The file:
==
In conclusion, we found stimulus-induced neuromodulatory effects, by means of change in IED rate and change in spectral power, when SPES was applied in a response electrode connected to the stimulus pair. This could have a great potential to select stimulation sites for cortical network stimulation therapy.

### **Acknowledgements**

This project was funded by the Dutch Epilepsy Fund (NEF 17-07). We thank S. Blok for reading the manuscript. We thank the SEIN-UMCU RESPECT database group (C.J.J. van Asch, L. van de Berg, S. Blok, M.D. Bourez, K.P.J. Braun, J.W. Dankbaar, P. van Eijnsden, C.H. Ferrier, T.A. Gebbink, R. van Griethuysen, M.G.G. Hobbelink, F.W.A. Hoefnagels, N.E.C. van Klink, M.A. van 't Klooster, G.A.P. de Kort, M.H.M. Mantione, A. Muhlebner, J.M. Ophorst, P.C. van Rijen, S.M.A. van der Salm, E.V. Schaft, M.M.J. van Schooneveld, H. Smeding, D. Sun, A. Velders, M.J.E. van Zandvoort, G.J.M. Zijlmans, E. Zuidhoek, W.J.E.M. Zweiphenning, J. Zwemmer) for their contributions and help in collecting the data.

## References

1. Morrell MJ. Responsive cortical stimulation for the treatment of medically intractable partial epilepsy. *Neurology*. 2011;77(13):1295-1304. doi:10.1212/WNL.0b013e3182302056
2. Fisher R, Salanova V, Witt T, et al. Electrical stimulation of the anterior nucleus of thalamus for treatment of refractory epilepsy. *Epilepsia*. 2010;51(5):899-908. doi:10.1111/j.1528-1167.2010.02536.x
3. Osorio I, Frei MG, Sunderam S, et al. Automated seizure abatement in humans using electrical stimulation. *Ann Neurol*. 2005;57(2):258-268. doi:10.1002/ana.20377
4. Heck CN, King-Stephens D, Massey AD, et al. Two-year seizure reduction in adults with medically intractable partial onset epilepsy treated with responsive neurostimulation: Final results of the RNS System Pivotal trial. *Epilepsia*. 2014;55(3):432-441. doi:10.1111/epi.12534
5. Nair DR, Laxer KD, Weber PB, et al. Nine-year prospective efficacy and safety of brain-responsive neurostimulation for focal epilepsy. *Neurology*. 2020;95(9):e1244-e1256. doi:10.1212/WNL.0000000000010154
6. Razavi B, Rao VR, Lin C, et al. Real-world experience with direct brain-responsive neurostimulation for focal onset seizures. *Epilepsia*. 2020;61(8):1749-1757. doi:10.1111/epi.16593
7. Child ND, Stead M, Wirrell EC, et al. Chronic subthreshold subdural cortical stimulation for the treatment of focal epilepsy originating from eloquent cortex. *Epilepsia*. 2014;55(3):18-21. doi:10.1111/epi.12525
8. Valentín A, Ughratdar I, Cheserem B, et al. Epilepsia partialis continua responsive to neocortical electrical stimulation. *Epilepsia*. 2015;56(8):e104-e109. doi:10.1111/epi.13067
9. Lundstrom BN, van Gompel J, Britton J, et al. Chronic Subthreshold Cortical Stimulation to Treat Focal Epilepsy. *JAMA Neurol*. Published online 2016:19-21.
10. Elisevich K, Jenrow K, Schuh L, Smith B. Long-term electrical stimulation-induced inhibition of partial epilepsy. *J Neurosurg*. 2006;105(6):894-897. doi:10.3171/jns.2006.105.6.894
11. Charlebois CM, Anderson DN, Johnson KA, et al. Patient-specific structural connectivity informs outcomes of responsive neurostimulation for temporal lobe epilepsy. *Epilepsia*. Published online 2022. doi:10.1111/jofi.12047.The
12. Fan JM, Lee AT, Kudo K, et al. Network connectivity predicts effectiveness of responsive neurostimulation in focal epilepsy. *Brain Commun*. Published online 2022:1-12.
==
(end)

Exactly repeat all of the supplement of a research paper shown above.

In conclusion, we found stimulus-induced neuromodulatory effects, by means of change in IED rate and change in spectral power, when SPES was applied in a response electrode connected to the stimulus pair. This could have a great potential to select stimulation sites for cortical network stimulation therapy.

### **Acknowledgements**

This project was funded by the Dutch Epilepsy Fund (NEF 17-07). We thank S. Blok for reading the manuscript. We thank the SEIN-UMCU RESPECT database group (C.J.J. van Asch, L. van de Berg, S. Blok, M.D. Bourez, K.P.J. Braun, J.W. Dankbaar, P. van Eijnsden, C.H. Ferrier, T.A. Gebbink, R. van Griethuysen, M.G.G. Hobbelink, F.W.A. Hoefnagels, N.E.C. van Klink, M.A. van 't Klooster, G.A.P. de Kort, M.H.M. Mantione, A. Muhlebner, J.M. Ophorst, P.C. van Rijen, S.M.A. van der Salm, E.V. Schaft, M.M.J. van Schooneveld, H. Smeding, D. Sun, A. Velders, M.J.E. van Zandvoort, G.J.M. Zijlmans, E. Zuidhoek, W.J.E.M. Zweiphenning, J. Zwemmer) for their contributions and help in collecting the data.

## References

1. Morrell MJ. Responsive cortical stimulation for the treatment of medically intractable partial epilepsy. *Neurology*. 2011;77(13):1295-1304. doi:10.1212/WNL.0b013e3182302056
2. Fisher R, Salanova V, Witt T, et al. Electrical stimulation of the anterior nucleus of thalamus for treatment of refractory epilepsy. *Epilepsia*. 2010;51(5):899-908. doi:10.1111/j.1528-1167.2010.02536.x
3. Osorio I, Frei MG, Sunderam S, et al. Automated seizure abatement in humans using electrical stimulation. *Ann Neurol*. 2005;57(2):258-268. doi:10.1002/ana.20377
4. Heck CN, King-Stephens D, Massey AD, et al. Two-year seizure reduction in adults with medically intractable partial onset epilepsy treated with responsive neurostimulation: Final results of the RNS System Pivotal trial. *Epilepsia*. 2014;55(3):432-441. doi:10.1111/epi.12534
5. Nair DR, Laxer KD, Weber PB, et al. Nine-year prospective efficacy and safety of brain-responsive neurostimulation for focal epilepsy. *Neurology*. 2020;95(9):e1244-e1256. doi:10.1212/WNL.0000000000010154
6. Razavi B, Rao VR, Lin C, et al. Real-world experience with direct brain-responsive neurostimulation for focal onset seizures. *Epilepsia*. 2020;61(8):1749-1757. doi:10.1111/epi.16593
7. Child ND, Stead M, Wirrell EC, et al. Chronic subthreshold subdural cortical stimulation for the treatment of focal epilepsy originating from eloquent cortex. *Epilepsia*. 2014;55(3):18-21. doi:10.1111/epi.12525
8. Valentín A, Ughratdar I, Cheserem B, et al. Epilepsia partialis continua responsive to neocortical electrical stimulation. *Epilepsia*. 2015;56(8):e104-e109. doi:10.1111/epi.13067
9. Lundstrom BN, van Gompel J, Britton J, et al. Chronic Subthreshold Cortical Stimulation to Treat Focal Epilepsy. *JAMA Neurol*. Published online 2016:19-21.
10. Elisevich K, Jenrow K, Schuh L, Smith B. Long-term electrical stimulation-induced inhibition of partial epilepsy. *J Neurosurg*. 2006;105(6):894-897. doi:10.3171/jns.2006.105.6.894
11. Charlebois CM, Anderson DN, Johnson KA, et al. Patient-specific structural connectivity informs outcomes of responsive neurostimulation for temporal lobe epilepsy. *Epilepsia*. Published online 2022. doi:10.1111/jofi.12047.The
12. Fan JM, Lee AT, Kudo K, et al. Network connectivity predicts effectiveness of responsive neurostimulation in focal epilepsy. *Brain Commun*. Published online 2022:1-12.